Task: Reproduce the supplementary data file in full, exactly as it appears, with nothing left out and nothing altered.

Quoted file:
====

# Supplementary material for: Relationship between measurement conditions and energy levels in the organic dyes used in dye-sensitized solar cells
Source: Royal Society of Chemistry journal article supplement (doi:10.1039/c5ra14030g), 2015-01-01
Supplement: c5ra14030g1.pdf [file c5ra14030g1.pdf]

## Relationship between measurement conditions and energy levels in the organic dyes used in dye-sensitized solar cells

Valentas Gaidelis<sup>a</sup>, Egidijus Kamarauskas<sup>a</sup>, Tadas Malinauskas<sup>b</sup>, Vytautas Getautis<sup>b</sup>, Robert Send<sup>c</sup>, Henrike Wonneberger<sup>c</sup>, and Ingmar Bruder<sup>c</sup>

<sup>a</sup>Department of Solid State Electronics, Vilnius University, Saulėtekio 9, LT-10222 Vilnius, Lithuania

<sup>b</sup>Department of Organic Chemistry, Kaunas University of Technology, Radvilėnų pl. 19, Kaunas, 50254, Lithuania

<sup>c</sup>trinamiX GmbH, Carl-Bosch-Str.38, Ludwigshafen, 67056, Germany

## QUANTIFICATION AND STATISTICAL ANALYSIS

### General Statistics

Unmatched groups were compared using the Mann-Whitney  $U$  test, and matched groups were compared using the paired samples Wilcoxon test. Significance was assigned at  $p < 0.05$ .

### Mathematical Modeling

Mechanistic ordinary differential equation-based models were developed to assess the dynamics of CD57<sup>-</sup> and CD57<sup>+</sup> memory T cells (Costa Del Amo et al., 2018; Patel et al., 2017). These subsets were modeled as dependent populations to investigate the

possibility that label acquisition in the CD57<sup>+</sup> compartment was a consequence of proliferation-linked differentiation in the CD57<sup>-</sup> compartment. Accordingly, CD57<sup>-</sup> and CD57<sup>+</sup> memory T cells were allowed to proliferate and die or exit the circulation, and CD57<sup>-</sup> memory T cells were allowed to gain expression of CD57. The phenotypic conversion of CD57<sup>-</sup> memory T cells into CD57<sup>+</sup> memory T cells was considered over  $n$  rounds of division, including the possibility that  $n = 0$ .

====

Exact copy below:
# Supplementary material for: Relationship between measurement conditions and energy levels in the organic dyes used in dye-sensitized solar cells
Source: Royal Society of Chemistry journal article supplement (doi:10.1039/c5ra14030g), 2015-01-01
Supplement: c5ra14030g1.pdf [file c5ra14030g1.pdf]

## Relationship between measurement conditions and energy levels in the organic dyes used in dye-sensitized solar cells

Valentas Gaidelis<sup>a</sup>, Egidijus Kamarauskas<sup>a</sup>, Tadas Malinauskas<sup>b</sup>, Vytautas Getautis<sup>b</sup>, Robert Send<sup>c</sup>, Henrike Wonneberger<sup>c</sup>, and Ingmar Bruder<sup>c</sup>

<sup>a</sup>Department of Solid State Electronics, Vilnius University, Saulėtekio 9, LT-10222 Vilnius, Lithuania

<sup>b</sup>Department of Organic Chemistry, Kaunas University of Technology, Radvilėnų pl. 19, Kaunas, 50254, Lithuania

<sup>c</sup>trinamiX GmbH, Carl-Bosch-Str.38, Ludwigshafen, 67056, Germany

## QUANTIFICATION AND STATISTICAL ANALYSIS

### General Statistics

Unmatched groups were compared using the Mann-Whitney  $U$  test, and matched groups were compared using the paired samples Wilcoxon test. Significance was assigned at  $p < 0.05$ .

### Mathematical Modeling

Mechanistic ordinary differential equation-based models were developed to assess the dynamics of CD57<sup>-</sup> and CD57<sup>+</sup> memory T cells (Costa Del Amo et al., 2018; Patel et al., 2017). These subsets were modeled as dependent populations to investigate the

possibility that label acquisition in the CD57<sup>+</sup> compartment was a consequence of proliferation-linked differentiation in the CD57<sup>-</sup> compartment. Accordingly, CD57<sup>-</sup> and CD57<sup>+</sup> memory T cells were allowed to proliferate and die or exit the circulation, and CD57<sup>-</sup> memory T cells were allowed to gain expression of CD57. The phenotypic conversion of CD57<sup>-</sup> memory T cells into CD57<sup>+</sup> memory T cells was considered over  $n$  rounds of division, including the possibility that  $n = 0$ .